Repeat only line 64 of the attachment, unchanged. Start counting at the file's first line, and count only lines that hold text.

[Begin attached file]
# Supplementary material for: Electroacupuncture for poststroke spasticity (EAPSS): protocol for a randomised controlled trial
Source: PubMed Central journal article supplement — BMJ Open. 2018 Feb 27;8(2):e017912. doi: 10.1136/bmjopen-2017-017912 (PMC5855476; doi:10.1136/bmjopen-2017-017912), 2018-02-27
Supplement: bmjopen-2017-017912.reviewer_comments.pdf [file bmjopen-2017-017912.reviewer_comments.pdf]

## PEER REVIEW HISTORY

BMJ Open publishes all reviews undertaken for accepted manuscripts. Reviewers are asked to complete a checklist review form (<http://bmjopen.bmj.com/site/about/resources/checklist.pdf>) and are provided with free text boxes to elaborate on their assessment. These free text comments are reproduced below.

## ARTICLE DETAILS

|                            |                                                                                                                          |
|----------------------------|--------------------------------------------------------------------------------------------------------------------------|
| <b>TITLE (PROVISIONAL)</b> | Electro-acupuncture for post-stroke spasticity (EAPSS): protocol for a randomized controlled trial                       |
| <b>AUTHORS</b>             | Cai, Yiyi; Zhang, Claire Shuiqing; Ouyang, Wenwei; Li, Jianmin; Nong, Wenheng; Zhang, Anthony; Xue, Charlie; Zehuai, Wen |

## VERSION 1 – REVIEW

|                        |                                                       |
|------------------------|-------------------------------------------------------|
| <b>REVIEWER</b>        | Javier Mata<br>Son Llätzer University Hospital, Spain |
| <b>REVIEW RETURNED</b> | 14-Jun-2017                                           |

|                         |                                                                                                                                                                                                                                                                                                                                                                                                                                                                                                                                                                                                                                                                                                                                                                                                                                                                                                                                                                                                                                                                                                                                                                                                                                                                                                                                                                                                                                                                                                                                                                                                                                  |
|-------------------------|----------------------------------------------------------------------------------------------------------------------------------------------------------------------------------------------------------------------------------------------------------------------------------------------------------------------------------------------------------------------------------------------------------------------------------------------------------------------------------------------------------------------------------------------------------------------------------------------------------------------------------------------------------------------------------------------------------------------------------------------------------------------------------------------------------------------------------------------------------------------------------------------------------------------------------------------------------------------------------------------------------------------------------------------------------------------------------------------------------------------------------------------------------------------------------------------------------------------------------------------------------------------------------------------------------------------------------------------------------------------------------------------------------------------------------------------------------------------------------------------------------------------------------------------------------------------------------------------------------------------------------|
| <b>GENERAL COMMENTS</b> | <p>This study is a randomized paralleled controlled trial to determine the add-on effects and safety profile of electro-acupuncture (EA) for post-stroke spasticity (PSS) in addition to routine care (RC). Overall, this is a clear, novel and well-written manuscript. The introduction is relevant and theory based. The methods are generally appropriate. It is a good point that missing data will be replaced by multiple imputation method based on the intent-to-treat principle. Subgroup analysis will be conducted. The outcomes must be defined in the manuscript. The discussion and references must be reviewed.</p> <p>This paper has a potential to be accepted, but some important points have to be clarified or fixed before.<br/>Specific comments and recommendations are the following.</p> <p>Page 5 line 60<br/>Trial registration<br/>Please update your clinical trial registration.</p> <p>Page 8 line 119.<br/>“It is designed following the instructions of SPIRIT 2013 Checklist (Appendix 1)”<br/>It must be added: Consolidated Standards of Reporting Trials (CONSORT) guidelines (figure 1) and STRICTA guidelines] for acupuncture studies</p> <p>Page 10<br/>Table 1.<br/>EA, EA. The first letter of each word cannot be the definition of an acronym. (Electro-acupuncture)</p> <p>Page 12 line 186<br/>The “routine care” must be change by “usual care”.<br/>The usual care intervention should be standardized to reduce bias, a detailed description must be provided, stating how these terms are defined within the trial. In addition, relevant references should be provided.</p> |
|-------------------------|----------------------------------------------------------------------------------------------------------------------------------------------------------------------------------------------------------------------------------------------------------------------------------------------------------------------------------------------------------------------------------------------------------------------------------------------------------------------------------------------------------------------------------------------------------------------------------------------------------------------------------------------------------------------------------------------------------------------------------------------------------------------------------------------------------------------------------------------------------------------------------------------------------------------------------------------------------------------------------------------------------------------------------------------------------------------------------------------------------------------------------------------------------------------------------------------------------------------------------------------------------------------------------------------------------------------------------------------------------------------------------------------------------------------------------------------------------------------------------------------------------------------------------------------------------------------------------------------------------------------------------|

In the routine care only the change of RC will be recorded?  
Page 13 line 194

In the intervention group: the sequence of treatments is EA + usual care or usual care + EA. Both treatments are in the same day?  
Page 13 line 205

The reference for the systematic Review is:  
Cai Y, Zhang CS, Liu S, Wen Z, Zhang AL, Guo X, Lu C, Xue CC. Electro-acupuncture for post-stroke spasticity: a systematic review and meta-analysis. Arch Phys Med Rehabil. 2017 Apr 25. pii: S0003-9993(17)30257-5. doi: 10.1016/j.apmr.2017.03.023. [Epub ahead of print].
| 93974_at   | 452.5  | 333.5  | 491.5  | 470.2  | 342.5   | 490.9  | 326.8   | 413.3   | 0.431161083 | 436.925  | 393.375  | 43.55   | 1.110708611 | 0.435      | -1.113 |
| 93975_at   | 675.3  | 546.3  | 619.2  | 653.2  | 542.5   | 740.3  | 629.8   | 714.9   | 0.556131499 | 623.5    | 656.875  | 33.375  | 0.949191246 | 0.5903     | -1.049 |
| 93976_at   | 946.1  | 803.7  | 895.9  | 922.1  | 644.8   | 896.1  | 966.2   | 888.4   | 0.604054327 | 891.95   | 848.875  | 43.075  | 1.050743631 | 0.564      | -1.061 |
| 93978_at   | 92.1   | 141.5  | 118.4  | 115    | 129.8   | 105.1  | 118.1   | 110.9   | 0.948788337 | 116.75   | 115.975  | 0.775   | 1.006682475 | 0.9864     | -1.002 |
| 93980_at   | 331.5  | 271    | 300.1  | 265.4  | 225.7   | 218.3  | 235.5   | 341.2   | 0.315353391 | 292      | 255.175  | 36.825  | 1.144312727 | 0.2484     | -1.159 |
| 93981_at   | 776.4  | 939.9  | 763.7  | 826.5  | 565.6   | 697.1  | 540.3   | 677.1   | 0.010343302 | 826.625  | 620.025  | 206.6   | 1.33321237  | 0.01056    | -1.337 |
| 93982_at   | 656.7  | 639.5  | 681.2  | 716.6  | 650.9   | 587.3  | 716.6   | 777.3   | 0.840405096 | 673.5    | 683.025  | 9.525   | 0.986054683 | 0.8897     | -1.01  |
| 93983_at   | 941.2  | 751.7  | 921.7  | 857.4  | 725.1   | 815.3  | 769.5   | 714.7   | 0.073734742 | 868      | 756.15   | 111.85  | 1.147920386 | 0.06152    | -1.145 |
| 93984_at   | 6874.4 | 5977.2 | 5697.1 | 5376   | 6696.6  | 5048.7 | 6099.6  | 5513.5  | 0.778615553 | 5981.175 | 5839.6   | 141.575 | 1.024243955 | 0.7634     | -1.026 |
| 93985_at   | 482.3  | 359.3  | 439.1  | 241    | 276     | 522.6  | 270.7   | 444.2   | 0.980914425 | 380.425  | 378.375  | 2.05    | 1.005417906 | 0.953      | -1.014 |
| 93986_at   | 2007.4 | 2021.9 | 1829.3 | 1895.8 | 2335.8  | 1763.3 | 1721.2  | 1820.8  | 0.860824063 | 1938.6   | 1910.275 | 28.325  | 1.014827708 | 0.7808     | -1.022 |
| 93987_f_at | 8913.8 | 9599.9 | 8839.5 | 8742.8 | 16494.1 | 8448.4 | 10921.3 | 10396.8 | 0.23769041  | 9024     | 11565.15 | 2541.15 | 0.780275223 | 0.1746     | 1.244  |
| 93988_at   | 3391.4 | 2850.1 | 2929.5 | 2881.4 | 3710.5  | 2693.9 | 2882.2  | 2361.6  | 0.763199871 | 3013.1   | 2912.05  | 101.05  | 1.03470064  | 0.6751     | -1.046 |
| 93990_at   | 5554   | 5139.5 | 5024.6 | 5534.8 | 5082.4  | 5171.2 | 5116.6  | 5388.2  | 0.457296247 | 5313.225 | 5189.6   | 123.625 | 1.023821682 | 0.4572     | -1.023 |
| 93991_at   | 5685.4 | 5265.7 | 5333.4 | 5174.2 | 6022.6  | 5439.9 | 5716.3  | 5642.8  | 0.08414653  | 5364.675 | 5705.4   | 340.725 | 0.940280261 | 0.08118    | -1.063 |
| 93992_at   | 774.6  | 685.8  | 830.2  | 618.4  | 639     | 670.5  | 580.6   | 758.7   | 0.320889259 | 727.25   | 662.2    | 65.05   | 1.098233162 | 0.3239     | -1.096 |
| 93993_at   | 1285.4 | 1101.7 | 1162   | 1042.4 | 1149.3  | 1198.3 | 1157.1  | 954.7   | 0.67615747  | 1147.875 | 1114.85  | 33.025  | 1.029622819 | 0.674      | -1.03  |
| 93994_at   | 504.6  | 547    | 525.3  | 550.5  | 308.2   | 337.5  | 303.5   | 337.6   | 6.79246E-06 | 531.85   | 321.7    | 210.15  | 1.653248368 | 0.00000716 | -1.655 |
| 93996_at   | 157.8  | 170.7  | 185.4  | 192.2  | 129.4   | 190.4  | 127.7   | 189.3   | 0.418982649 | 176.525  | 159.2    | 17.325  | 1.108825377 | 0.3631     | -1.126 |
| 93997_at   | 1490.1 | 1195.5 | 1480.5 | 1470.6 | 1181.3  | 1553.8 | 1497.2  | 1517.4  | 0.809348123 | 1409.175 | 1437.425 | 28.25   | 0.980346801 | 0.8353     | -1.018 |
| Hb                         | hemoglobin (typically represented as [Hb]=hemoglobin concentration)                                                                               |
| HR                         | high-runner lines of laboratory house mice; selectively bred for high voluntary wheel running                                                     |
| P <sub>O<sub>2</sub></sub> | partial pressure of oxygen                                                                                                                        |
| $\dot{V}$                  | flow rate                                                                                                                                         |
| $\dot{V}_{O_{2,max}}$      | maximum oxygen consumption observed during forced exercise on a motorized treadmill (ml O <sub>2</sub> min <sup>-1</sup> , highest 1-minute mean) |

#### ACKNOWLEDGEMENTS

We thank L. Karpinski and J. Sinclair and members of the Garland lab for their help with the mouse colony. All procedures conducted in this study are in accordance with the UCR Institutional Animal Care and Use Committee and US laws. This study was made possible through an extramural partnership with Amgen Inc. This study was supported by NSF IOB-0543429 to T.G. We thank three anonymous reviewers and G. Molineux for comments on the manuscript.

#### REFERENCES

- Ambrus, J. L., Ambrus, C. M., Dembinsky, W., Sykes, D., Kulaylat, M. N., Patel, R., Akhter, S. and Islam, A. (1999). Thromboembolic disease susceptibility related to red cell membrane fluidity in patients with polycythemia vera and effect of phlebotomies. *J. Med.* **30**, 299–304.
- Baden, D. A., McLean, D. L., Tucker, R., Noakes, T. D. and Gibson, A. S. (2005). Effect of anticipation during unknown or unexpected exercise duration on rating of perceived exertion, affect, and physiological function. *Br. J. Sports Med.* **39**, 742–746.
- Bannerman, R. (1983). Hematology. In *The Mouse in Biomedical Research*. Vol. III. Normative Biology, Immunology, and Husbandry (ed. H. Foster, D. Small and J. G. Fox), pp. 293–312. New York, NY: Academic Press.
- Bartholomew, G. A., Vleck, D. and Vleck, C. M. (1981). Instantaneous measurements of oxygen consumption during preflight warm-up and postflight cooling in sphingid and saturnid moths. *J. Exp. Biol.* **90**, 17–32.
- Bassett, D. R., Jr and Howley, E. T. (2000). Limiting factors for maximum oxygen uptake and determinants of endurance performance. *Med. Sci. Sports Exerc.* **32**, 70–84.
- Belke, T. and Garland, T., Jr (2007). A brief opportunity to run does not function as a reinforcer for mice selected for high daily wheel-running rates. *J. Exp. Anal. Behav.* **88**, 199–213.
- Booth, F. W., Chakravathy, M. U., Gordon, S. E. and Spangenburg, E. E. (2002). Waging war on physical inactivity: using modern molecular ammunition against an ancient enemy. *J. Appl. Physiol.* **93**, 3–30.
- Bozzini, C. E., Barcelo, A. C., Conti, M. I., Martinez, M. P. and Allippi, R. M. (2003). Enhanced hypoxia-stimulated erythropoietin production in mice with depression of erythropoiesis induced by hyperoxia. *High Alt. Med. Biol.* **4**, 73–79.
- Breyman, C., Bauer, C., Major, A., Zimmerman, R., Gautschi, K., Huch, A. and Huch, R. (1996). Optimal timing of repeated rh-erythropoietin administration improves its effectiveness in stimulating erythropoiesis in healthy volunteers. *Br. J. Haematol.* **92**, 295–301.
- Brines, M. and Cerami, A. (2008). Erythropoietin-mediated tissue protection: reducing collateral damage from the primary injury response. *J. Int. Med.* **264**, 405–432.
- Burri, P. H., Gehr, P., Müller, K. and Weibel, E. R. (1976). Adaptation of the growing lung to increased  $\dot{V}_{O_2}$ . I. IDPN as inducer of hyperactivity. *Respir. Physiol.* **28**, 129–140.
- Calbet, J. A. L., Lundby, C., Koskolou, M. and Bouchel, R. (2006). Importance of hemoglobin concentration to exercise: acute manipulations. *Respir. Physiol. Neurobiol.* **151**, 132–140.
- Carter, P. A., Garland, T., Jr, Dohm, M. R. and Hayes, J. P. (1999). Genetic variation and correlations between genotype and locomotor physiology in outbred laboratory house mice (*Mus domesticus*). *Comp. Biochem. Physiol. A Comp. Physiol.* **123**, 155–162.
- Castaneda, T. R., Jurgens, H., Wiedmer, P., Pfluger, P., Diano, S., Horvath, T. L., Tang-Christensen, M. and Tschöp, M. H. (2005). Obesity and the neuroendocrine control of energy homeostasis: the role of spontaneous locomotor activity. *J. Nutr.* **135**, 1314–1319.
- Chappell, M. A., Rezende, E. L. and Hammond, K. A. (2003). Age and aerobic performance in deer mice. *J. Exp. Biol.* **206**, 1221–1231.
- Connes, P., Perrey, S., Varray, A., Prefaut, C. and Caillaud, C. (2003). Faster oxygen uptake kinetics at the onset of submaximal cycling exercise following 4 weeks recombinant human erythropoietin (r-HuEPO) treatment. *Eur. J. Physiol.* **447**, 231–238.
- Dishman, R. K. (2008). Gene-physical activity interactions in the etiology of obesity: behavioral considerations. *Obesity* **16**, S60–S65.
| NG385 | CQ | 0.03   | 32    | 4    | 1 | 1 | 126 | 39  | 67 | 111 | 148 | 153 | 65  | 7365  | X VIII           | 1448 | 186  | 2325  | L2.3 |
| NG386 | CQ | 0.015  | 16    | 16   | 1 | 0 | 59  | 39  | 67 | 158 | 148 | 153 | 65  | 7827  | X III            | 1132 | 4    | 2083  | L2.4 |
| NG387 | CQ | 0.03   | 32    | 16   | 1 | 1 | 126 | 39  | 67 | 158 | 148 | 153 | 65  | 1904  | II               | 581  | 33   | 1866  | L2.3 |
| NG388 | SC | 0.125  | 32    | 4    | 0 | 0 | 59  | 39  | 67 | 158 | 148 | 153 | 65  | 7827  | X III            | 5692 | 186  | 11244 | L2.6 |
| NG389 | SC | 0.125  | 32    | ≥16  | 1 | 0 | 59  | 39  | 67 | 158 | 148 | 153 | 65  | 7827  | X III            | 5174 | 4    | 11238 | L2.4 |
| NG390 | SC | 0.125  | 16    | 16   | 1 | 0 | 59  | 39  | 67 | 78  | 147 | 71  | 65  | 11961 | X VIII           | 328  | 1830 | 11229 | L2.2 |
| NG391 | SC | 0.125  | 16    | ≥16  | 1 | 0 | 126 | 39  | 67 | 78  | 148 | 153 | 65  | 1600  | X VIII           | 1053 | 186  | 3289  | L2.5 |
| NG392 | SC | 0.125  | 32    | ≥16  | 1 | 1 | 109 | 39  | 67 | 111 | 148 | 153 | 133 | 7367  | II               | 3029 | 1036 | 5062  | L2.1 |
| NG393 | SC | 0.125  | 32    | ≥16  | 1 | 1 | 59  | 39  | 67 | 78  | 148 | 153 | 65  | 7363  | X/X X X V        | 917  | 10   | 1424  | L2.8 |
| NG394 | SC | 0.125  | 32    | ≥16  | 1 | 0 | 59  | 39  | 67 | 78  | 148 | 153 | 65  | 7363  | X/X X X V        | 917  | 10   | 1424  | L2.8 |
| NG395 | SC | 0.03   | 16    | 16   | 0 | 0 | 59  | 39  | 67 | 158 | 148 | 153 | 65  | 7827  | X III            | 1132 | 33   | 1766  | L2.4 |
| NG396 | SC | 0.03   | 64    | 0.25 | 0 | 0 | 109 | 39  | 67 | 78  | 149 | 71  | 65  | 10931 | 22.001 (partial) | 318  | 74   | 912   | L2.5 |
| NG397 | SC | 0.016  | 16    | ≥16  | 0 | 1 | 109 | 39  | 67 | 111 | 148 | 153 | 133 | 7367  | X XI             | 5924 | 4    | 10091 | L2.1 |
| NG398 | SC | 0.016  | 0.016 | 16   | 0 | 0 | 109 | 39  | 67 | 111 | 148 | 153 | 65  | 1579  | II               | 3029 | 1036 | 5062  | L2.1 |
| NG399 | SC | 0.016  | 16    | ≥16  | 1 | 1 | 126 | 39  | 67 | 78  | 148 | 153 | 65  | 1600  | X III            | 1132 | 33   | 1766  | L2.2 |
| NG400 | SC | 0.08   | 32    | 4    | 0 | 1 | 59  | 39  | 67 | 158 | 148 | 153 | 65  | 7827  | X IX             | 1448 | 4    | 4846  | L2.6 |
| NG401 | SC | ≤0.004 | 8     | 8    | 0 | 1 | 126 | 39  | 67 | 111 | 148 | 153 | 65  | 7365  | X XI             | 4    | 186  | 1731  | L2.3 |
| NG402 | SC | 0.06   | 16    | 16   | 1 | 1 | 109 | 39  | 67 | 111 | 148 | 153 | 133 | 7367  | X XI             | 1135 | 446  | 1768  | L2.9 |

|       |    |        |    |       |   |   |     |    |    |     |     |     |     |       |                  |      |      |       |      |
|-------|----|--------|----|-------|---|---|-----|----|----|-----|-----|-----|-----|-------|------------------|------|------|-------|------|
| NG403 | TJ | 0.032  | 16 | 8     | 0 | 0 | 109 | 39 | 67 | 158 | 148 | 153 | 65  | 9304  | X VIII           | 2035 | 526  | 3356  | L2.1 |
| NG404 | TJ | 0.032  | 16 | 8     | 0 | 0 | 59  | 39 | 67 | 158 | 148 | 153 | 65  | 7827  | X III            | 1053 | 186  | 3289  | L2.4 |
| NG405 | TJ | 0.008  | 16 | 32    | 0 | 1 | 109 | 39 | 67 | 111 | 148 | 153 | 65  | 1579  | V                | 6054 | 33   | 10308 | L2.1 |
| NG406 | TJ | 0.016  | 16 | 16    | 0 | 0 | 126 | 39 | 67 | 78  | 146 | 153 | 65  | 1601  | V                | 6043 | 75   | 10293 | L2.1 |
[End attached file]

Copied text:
- Burri, P. H., Gehr, P., Müller, K. and Weibel, E. R. (1976). Adaptation of the growing lung to increased  $\dot{V}_{O_2}$ . I. IDPN as inducer of hyperactivity. *Respir. Physiol.* **28**, 129–140.